“No, no, you get to keep the change.”

So the deal was made. Two 20-dollar bills changed hands.

After the party was over and the other Smiths had departed, Maddie, Sarah, Deanna, and I drove to the mall.

“I want to go to the Lush store and then to Bath and Body Works,” Maddie said. “They have cosmetics, lotion, perfume. Things like that.”

“Yeah,” said Sarah, “Maddie is really into cosmetics and soap lately. She –”

“What’s wrong with that?” Maddie barked.

“Nothing. I’m just sayin’ you’re into that stuff.”

Lush, I learned, sells handmade soap, cosmetics, and such. The store is very colorful, very fragrant. In fact, Deanna said the scents were too much for her, and she left to wait outside.

I endured the aromas a bit better, but had to step outside a few times myself while the girls browsed.

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After about 15 minutes, Maddie took her basket to the counter and paid for her selections. We rejoined Deanna.

“Bath and Body Works is this way,” said Maddie, heading away with Sarah skipping along behind her and the grandparents hurrying to keep up.

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Around the  next corner, Sarah suddenly stopped. It was a Build-A-Bear Workshop.

The store was loaded with countless bins of unstuffed animals beckoning to be stuffed and accessorized. Sarah was enthralled.

“Deanna,” I said, “You go ahead with Maddie. Sarah wants to stop in here and look around.”

Build-A Bear sells a variety of ready-to-be-stuffed plush toys, including teddy bears, dogs, cats, rabbits, Disney characters, Star Wars characters — you name it.

After you choose an unstuffed toy, you take it to a large fluff machine, where an attendant fills the toy with stuffing and sews the body shut. Then, on the way to the checkout counter, you pass a wide selection of clothing and other accessories offered at additional cost.

“I’ve never bought anything at Build-A-Bear,” Sarah said, pacing in front of the bins, sorting through the animals. I kept quiet to allow her to concentrate.

Finally, she announced, “I like this one” and held up a Pink Cuddles model, a shocking pink teddy bear. The cost was $16, one of the lowest prices in the store.

“I can’t believe I’m doing this,” she added nervously. I assured her that a Pink Cuddles was an excellent choice.

Our next stop was the fluff machine. Sarah handed the bear to a smiling attendant, who sat down at the controls.

“Do you want to add a scent packet for $3.99?” asked the attendant. Sarah shook her head no.

“Do you want to add a beating heart for $6.99?” Sarah said no.

“Okay, pick out a regular heart to place inside your bear.”

Sarah selected a small red satin heart from a bucket of red satin hearts.

“Okay, hold the heart in your hands to warm it up.” Sarah held the heart in her hands.

“Place the heart against yours.” Sarah did.

“Give the heart a kiss.” Sarah looked at me quizzically, kissed the heart, and handed it to the attendant.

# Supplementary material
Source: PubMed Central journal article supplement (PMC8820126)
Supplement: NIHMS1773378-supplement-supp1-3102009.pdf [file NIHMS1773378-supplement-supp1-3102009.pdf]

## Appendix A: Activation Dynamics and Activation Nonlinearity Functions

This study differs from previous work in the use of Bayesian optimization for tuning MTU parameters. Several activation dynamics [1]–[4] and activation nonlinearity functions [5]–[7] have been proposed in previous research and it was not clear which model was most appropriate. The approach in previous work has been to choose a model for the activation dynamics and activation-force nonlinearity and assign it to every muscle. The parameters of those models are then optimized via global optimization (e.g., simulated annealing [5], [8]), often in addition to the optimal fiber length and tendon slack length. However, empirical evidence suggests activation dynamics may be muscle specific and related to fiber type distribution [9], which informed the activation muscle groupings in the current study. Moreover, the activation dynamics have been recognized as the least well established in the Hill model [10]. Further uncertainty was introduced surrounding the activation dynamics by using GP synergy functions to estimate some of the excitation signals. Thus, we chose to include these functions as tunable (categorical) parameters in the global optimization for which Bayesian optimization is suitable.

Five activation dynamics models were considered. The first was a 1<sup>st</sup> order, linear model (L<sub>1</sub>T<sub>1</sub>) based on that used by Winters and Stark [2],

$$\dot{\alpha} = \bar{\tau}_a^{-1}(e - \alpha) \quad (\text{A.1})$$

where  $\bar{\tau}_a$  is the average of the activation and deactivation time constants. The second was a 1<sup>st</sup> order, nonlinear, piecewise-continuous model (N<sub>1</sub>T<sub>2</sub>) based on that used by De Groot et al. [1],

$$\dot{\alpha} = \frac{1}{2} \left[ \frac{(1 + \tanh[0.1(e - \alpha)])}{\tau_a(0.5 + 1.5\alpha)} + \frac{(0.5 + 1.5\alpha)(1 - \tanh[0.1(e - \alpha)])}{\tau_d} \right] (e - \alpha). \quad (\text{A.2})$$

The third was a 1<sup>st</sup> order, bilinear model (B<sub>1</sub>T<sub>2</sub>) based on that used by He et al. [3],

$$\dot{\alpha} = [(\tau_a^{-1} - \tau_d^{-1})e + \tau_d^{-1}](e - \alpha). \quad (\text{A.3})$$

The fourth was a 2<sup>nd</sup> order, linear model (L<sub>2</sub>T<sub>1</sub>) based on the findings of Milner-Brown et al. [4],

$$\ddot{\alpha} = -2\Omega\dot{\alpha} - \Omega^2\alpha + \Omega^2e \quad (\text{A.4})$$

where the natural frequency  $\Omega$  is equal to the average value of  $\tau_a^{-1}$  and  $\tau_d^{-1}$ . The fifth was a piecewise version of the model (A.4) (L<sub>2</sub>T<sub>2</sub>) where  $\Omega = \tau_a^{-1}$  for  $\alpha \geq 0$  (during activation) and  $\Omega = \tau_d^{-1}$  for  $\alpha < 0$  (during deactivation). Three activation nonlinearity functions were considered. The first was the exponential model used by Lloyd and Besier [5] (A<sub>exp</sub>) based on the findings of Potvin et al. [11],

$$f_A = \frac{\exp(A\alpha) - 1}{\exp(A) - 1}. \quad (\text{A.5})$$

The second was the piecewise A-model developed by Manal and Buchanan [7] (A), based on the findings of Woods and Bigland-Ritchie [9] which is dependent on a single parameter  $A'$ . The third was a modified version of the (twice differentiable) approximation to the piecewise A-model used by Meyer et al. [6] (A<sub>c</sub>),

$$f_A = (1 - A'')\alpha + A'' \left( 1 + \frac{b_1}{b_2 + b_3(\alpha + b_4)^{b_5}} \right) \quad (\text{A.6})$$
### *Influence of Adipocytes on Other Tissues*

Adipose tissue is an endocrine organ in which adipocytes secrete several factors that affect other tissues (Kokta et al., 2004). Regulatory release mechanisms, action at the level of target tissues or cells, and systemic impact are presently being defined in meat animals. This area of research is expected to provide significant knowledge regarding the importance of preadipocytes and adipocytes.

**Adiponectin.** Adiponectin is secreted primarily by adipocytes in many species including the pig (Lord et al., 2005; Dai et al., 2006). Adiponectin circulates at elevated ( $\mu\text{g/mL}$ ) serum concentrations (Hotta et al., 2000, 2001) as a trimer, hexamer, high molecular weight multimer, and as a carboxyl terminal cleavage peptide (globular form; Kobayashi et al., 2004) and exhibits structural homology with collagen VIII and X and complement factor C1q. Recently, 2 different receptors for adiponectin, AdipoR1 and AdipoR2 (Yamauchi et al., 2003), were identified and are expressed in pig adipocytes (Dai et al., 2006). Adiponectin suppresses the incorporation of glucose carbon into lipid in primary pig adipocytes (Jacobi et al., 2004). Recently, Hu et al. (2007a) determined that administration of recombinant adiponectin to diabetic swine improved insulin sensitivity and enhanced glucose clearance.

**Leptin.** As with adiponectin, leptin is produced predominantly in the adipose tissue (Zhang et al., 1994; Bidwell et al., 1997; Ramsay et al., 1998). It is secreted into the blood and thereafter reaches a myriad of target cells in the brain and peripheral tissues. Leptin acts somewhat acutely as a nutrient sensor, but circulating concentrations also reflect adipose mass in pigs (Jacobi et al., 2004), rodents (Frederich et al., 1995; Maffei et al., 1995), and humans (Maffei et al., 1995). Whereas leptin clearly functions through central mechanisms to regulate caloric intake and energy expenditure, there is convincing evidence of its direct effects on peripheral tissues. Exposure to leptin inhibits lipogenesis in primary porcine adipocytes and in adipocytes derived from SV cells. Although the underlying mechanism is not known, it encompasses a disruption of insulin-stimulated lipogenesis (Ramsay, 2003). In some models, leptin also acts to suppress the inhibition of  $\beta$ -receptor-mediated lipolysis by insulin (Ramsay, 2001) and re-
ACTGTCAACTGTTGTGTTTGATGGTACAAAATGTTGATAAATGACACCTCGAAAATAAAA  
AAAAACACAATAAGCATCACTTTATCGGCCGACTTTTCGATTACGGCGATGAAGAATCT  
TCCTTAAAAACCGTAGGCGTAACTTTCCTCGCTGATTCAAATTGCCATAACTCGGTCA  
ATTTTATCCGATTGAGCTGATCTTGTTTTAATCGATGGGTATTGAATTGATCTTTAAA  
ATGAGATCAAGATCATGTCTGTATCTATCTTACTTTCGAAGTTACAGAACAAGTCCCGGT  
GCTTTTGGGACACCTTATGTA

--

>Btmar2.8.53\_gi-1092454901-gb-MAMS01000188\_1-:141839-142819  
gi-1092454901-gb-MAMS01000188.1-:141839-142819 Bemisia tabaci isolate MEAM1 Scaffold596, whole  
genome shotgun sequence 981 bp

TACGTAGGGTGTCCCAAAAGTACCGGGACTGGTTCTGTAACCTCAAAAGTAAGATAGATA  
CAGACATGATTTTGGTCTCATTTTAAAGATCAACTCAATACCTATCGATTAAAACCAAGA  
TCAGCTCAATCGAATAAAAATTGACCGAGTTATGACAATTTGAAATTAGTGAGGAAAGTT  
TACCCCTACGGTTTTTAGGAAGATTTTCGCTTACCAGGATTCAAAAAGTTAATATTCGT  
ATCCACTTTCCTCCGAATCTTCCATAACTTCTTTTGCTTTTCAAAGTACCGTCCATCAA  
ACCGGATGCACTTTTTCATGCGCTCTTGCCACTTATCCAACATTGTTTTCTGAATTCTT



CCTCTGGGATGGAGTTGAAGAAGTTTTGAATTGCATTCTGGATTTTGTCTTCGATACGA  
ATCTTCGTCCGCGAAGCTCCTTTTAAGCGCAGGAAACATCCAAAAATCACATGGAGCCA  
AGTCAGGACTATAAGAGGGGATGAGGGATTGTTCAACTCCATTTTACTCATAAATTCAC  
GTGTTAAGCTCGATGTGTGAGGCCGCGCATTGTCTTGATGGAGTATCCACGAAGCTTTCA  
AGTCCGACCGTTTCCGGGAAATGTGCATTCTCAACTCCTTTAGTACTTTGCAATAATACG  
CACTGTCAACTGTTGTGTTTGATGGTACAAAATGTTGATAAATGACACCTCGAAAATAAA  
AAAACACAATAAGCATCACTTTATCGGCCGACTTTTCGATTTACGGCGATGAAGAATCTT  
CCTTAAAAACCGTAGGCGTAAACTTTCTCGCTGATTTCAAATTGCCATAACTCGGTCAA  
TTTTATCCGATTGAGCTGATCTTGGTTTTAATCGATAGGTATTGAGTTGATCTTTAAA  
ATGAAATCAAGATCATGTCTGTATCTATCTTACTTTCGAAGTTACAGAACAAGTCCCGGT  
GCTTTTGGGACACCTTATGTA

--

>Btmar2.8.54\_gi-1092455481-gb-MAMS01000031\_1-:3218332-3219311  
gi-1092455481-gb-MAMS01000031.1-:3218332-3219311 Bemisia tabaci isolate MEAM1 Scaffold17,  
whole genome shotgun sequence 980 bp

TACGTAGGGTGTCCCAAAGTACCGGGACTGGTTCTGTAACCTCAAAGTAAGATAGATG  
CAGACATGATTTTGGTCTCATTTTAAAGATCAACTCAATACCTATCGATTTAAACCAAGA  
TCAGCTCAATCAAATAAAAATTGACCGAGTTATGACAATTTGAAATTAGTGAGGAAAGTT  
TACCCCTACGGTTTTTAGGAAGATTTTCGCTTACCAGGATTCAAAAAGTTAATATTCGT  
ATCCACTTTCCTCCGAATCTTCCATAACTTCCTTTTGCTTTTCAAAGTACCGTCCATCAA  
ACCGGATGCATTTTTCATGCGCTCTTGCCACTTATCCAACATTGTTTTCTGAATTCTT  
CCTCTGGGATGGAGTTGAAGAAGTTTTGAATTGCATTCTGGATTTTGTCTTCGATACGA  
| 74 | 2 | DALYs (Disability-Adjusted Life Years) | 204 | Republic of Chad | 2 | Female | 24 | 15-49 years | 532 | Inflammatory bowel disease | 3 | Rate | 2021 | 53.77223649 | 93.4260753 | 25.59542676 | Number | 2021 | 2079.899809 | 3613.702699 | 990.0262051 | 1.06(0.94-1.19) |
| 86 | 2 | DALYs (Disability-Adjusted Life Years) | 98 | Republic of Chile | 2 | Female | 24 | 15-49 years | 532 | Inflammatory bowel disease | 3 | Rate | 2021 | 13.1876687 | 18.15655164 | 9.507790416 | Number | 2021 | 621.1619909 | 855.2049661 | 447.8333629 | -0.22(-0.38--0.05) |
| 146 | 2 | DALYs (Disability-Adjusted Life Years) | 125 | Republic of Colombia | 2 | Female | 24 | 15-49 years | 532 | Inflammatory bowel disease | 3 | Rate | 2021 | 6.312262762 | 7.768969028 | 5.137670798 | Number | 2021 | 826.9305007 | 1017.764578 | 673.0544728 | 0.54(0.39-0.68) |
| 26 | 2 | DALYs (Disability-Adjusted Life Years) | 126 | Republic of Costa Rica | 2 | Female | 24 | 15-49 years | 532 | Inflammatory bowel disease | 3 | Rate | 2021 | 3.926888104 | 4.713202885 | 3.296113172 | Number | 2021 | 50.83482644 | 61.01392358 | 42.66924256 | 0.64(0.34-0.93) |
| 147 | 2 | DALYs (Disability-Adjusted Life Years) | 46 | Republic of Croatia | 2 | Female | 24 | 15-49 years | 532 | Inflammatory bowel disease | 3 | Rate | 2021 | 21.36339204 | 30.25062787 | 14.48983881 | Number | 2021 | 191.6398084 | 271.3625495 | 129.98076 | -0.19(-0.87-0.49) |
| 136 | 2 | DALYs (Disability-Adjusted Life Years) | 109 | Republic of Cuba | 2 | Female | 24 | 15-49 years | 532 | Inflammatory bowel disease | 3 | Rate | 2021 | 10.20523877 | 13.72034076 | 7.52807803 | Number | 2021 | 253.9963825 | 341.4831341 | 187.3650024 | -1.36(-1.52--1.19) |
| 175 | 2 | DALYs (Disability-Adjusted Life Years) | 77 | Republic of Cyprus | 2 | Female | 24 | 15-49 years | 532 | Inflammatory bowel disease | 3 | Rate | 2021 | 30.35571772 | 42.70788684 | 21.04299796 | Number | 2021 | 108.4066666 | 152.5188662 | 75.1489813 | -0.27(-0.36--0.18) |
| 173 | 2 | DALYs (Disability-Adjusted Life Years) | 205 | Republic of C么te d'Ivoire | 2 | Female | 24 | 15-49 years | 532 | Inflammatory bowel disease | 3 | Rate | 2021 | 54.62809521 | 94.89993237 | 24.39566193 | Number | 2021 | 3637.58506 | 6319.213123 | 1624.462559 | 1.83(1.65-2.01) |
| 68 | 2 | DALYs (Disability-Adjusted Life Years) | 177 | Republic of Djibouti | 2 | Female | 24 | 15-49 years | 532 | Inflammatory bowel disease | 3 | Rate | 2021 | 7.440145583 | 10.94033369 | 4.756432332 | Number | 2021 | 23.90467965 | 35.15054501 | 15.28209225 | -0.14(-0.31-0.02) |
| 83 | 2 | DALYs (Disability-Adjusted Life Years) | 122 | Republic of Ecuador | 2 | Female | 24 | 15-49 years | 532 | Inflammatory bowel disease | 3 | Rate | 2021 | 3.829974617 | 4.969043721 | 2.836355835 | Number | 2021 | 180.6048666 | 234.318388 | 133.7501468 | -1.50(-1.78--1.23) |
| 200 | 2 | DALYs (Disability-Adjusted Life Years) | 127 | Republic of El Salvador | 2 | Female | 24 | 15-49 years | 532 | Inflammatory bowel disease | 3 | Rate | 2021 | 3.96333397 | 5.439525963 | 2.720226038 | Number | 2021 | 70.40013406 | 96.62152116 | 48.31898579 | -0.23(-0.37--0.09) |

“Now make a wish,” said the attendant. Sarah gave me another look.

The formalities having been concluded, the attendant inserted the satin heart into the bear, then rammed the bear onto the end of a metal tube through which the stuffing would be blown.

“Honey,” the attendant said to Sarah, pointing at the floor, “The stuffing starts coming out when you step on that peddle.”

Sarah gave it a stomp, and the procedure commenced.

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After the bear was stuffed and sewn up, we moved to a computer console to fill out the bear’s birth certificate.

Date of birth: 6/14/16
Parent: Sarah Smith
Height: 16 inches
Weight 8 ounces
Name: Sprinkles

Sarah decided not to buy Sprinkles any clothing or accessories. The total cost of the transaction: $16 plus tax. I was very proud.

“Rocky,” she said as we left the store, “It was awful when that lady rammed the metal pipe inside poor Sprinkles! How terrible! How gruesome!”

“And you know,” she continued, “I did NOT make a wish like she said. What does that have to do with anything? And kissing the heart? Seriously?”

“Well,” I said, “Build-A-Bear has a lot of very young customers. The younger kids probably enjoy all that.”

“Yeah, I guess I’m getting too old for Build-A-Bear — but I’m glad I did it!” She gave Sprinkles a heartfelt hug.

I learned later that Maddie spent about $100, not quite half of her birthday money, on cosmetics, soaps, lotions, fragrances, and essential oils. Sarah spent $16 plus tax on Sprinkles.

It was, in both cases, entirely in character.

And neither of them had the slightest regret.

RD-8

 

 

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Here in Jefferson, the school year just ended. That means my Jefferson granddaughters Maddie and Sarah are loose for the summer, and kid-sitting duty has commenced for us grandparents.

Conveniently, all four of the girls’ grandparents live in town, so we each have the duty one day a week. The fifth day usually manages to take care of itself — a parent working from home, a Rec Center field trip, a play date, or whatever.